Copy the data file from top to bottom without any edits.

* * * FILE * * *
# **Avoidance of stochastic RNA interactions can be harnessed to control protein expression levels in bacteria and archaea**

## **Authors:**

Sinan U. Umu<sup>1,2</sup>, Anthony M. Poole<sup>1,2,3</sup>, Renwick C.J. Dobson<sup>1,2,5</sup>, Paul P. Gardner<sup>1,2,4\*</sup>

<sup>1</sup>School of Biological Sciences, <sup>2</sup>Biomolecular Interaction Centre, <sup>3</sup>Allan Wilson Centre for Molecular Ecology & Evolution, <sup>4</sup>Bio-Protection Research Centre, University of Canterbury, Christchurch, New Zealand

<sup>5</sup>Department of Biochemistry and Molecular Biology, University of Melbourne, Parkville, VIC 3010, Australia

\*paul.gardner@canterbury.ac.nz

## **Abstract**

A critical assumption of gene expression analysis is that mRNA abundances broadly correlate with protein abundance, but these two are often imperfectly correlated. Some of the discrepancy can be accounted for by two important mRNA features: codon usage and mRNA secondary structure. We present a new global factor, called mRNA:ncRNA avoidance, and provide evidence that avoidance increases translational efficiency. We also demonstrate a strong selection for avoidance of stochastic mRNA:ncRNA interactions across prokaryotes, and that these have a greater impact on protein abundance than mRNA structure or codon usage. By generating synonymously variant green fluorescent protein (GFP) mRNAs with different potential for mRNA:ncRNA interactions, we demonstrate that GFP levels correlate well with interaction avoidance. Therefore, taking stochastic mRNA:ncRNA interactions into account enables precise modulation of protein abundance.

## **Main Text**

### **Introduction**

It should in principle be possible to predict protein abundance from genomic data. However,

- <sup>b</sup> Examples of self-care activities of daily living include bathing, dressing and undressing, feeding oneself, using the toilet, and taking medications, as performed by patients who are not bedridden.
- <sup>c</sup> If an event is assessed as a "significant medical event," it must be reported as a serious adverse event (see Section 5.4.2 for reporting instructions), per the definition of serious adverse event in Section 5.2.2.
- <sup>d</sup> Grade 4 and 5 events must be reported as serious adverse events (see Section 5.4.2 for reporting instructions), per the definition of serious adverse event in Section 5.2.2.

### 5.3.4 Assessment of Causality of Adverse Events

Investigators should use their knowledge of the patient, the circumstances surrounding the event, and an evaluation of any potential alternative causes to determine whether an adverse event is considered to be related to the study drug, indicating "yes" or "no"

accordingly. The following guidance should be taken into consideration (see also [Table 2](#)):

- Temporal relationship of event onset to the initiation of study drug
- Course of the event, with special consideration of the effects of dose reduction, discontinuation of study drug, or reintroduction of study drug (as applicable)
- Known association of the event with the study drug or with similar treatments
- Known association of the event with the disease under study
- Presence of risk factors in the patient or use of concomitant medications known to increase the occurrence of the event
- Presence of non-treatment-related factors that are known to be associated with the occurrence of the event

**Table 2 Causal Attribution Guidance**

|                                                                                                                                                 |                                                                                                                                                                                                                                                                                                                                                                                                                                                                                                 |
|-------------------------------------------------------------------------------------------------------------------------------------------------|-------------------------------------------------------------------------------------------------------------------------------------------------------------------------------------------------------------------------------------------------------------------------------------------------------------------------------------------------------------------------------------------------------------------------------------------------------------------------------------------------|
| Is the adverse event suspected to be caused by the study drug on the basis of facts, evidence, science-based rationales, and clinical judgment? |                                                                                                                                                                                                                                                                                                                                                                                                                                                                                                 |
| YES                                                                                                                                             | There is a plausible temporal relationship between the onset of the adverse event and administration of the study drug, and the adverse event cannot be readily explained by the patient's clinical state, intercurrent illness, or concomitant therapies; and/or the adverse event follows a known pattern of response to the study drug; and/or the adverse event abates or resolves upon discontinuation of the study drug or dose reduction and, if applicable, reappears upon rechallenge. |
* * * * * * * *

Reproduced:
# **Avoidance of stochastic RNA interactions can be harnessed to control protein expression levels in bacteria and archaea**

## **Authors:**

Sinan U. Umu<sup>1,2</sup>, Anthony M. Poole<sup>1,2,3</sup>, Renwick C.J. Dobson<sup>1,2,5</sup>, Paul P. Gardner<sup>1,2,4\*</sup>

<sup>1</sup>School of Biological Sciences, <sup>2</sup>Biomolecular Interaction Centre, <sup>3</sup>Allan Wilson Centre for Molecular Ecology & Evolution, <sup>4</sup>Bio-Protection Research Centre, University of Canterbury, Christchurch, New Zealand

<sup>5</sup>Department of Biochemistry and Molecular Biology, University of Melbourne, Parkville, VIC 3010, Australia

\*paul.gardner@canterbury.ac.nz

## **Abstract**

A critical assumption of gene expression analysis is that mRNA abundances broadly correlate with protein abundance, but these two are often imperfectly correlated. Some of the discrepancy can be accounted for by two important mRNA features: codon usage and mRNA secondary structure. We present a new global factor, called mRNA:ncRNA avoidance, and provide evidence that avoidance increases translational efficiency. We also demonstrate a strong selection for avoidance of stochastic mRNA:ncRNA interactions across prokaryotes, and that these have a greater impact on protein abundance than mRNA structure or codon usage. By generating synonymously variant green fluorescent protein (GFP) mRNAs with different potential for mRNA:ncRNA interactions, we demonstrate that GFP levels correlate well with interaction avoidance. Therefore, taking stochastic mRNA:ncRNA interactions into account enables precise modulation of protein abundance.

## **Main Text**

### **Introduction**

It should in principle be possible to predict protein abundance from genomic data. However,

- <sup>b</sup> Examples of self-care activities of daily living include bathing, dressing and undressing, feeding oneself, using the toilet, and taking medications, as performed by patients who are not bedridden.
- <sup>c</sup> If an event is assessed as a "significant medical event," it must be reported as a serious adverse event (see Section 5.4.2 for reporting instructions), per the definition of serious adverse event in Section 5.2.2.
- <sup>d</sup> Grade 4 and 5 events must be reported as serious adverse events (see Section 5.4.2 for reporting instructions), per the definition of serious adverse event in Section 5.2.2.

### 5.3.4 Assessment of Causality of Adverse Events

Investigators should use their knowledge of the patient, the circumstances surrounding the event, and an evaluation of any potential alternative causes to determine whether an adverse event is considered to be related to the study drug, indicating "yes" or "no"

accordingly. The following guidance should be taken into consideration (see also [Table 2](#)):

- Temporal relationship of event onset to the initiation of study drug
- Course of the event, with special consideration of the effects of dose reduction, discontinuation of study drug, or reintroduction of study drug (as applicable)
- Known association of the event with the study drug or with similar treatments
- Known association of the event with the disease under study
- Presence of risk factors in the patient or use of concomitant medications known to increase the occurrence of the event
- Presence of non-treatment-related factors that are known to be associated with the occurrence of the event

**Table 2 Causal Attribution Guidance**

|                                                                                                                                                 |                                                                                                                                                                                                                                                                                                                                                                                                                                                                                                 |
|-------------------------------------------------------------------------------------------------------------------------------------------------|-------------------------------------------------------------------------------------------------------------------------------------------------------------------------------------------------------------------------------------------------------------------------------------------------------------------------------------------------------------------------------------------------------------------------------------------------------------------------------------------------|
| Is the adverse event suspected to be caused by the study drug on the basis of facts, evidence, science-based rationales, and clinical judgment? |                                                                                                                                                                                                                                                                                                                                                                                                                                                                                                 |
| YES                                                                                                                                             | There is a plausible temporal relationship between the onset of the adverse event and administration of the study drug, and the adverse event cannot be readily explained by the patient's clinical state, intercurrent illness, or concomitant therapies; and/or the adverse event follows a known pattern of response to the study drug; and/or the adverse event abates or resolves upon discontinuation of the study drug or dose reduction and, if applicable, reappears upon rechallenge. |